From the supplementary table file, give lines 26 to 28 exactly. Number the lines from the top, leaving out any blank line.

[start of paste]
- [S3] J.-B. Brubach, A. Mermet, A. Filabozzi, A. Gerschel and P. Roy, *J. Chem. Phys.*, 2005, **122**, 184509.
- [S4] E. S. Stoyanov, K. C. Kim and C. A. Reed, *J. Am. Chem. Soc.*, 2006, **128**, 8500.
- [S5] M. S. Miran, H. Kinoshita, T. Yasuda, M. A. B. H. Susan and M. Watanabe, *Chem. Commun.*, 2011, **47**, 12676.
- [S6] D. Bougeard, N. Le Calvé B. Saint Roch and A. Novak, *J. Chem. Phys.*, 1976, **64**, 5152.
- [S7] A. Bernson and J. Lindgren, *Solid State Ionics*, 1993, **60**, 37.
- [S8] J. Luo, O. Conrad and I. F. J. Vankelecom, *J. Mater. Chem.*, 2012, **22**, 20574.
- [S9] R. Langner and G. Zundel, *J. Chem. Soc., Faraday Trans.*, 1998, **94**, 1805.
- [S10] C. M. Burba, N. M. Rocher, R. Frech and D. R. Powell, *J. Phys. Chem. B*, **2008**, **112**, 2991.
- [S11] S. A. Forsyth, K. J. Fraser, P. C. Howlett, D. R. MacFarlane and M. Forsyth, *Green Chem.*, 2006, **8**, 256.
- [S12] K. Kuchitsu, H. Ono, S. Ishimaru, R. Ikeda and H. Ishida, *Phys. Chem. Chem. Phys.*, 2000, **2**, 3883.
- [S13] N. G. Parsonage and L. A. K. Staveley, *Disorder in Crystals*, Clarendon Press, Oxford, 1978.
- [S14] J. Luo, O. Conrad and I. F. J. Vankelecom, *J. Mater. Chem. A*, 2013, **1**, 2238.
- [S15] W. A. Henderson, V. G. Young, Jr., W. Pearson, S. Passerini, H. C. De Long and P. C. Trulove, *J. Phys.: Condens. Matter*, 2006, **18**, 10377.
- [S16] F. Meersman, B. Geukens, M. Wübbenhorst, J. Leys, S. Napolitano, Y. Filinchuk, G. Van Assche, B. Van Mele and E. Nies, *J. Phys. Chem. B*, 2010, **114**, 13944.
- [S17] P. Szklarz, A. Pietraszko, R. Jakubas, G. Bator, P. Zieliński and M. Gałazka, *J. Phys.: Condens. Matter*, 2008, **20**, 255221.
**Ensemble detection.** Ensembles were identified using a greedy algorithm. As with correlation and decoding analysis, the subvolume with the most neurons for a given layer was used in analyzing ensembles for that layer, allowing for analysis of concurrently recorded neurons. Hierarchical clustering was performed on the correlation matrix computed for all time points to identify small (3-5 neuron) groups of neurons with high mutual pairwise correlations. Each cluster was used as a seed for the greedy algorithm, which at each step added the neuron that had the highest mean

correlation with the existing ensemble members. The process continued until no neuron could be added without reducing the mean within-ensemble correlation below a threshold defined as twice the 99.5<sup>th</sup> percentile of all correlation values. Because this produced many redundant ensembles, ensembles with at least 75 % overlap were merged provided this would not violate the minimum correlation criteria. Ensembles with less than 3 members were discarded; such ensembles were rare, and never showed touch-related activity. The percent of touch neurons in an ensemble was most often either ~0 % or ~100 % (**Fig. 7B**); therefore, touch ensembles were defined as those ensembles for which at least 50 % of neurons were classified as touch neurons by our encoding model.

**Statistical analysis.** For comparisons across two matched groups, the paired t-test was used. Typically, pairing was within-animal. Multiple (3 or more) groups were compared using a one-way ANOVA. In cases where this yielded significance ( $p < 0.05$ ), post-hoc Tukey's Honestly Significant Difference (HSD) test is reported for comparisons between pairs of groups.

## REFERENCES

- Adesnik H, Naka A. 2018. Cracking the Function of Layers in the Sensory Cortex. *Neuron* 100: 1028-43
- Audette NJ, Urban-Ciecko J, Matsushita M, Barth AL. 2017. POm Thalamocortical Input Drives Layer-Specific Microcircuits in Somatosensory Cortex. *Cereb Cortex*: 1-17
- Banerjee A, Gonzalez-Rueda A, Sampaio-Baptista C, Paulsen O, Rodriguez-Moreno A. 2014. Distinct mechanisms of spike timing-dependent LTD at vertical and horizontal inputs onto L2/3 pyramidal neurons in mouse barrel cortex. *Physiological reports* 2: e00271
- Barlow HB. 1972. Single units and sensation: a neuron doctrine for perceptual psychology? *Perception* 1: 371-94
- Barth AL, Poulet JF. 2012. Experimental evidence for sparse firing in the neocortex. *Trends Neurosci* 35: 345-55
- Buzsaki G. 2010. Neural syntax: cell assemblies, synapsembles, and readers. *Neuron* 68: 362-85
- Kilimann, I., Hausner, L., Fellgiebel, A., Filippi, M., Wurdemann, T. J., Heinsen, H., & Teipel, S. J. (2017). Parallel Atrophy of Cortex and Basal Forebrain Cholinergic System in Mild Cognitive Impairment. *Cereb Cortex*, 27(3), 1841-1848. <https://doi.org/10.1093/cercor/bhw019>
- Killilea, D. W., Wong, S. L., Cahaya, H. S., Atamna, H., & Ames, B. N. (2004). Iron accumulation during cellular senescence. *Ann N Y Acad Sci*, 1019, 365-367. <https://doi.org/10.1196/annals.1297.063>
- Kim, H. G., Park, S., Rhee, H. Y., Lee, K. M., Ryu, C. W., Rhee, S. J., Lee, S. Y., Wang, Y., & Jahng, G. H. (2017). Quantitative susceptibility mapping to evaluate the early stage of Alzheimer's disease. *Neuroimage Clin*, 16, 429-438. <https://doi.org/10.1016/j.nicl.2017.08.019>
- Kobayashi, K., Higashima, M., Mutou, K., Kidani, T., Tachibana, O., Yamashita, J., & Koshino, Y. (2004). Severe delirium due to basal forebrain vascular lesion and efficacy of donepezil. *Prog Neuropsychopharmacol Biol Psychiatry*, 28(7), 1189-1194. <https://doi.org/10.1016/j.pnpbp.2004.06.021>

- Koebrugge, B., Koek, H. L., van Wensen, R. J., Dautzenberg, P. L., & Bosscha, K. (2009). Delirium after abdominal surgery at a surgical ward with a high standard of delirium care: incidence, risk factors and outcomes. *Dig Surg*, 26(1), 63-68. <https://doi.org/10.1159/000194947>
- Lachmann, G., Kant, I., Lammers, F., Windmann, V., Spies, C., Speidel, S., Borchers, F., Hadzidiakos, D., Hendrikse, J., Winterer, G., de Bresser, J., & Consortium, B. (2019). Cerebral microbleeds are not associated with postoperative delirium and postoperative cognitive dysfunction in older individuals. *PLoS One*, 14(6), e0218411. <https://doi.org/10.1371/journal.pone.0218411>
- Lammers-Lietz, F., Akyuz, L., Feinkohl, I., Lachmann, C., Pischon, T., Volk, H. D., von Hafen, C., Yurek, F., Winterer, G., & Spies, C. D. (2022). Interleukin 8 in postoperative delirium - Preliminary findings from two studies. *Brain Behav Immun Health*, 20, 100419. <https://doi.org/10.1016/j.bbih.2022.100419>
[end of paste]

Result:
- Kilimann, I., Hausner, L., Fellgiebel, A., Filippi, M., Wurdemann, T. J., Heinsen, H., & Teipel, S. J. (2017). Parallel Atrophy of Cortex and Basal Forebrain Cholinergic System in Mild Cognitive Impairment. *Cereb Cortex*, 27(3), 1841-1848. <https://doi.org/10.1093/cercor/bhw019>
- Killilea, D. W., Wong, S. L., Cahaya, H. S., Atamna, H., & Ames, B. N. (2004). Iron accumulation during cellular senescence. *Ann N Y Acad Sci*, 1019, 365-367. <https://doi.org/10.1196/annals.1297.063>
- Kim, H. G., Park, S., Rhee, H. Y., Lee, K. M., Ryu, C. W., Rhee, S. J., Lee, S. Y., Wang, Y., & Jahng, G. H. (2017). Quantitative susceptibility mapping to evaluate the early stage of Alzheimer's disease. *Neuroimage Clin*, 16, 429-438. <https://doi.org/10.1016/j.nicl.2017.08.019>